From Benjamin Waterhouse
Boston 1st of May1 1813
If you will excuse my breaking in again upon your philosophical retirement, I think I may venture to promise that it shall be2 the last time.
I little thought, when I wrote to you last, that I should have so soon to lament the loss of my revered friend & brother Dr Rush! By his death I feel as if one strand of the thread of my life was cut. It is a heavy, very heavy stroke to his old3 friend Mr Adams. They exchanged letters about once a fortnight. Mr Adams was expecting a letter, when mine came to his hands containing an extract of a letter from my son (who has been under Rush the year past) with the particulars of his illness, death & last words—He told my son, not long before he expired, (for he was sensible to the last) alluding to the persecution of his father in Massachusetts4—“I owe my enemies nothing but forgiveness.”—and not long after he added.—“They have it most5 heartily.” I hope I may be able to say so too, before I die—; but the time is not yet come; for their wrath has been cruel—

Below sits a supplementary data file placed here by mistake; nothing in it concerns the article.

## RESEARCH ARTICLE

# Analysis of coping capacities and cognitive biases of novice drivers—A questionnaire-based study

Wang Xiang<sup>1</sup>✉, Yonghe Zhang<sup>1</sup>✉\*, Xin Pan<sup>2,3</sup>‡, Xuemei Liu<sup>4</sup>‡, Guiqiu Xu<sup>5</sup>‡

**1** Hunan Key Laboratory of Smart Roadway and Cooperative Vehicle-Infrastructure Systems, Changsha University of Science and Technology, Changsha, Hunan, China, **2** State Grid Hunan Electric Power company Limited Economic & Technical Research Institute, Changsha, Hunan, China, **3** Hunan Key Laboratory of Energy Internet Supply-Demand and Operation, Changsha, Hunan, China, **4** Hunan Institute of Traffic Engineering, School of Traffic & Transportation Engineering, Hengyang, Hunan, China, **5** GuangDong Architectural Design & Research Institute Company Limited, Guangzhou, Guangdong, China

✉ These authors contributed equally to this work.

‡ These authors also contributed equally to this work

Upon the news of the death of Dr Rush my republican friends drew up & signed a short address to the President, recommending me to his notice, for some appointment “comporting, as they expressed it, with my years & rank in society.” but without saying what, because they had heard that I had been spoken of at Washington as Physician general; but they had in view the office of6 Treasurer of the mint, grounded on the opinion that I would gladly quit Boston for Philadelphia, & the probability of my filling some part of Dr R’s professional stations.—It is upon this subject that I beg leave to communicate to you my feelings, views & wishes; and I have been encouraged to it by the last paragraph in your friendly letter, where you say “They (the persecuting party here) may force you to fly south of Connecticut, where no truth is feared, where science is honored, not reviled, & where you, as one of its sons, would always be received with cordiality.”—These sentiments, the death of Dr Rush, & the Strong desire I have to get out of this La Vendee of the U. States,7 have occasioned a strong current of thought, which I cannot resist expressing to you; not without a hope that you might express it to others.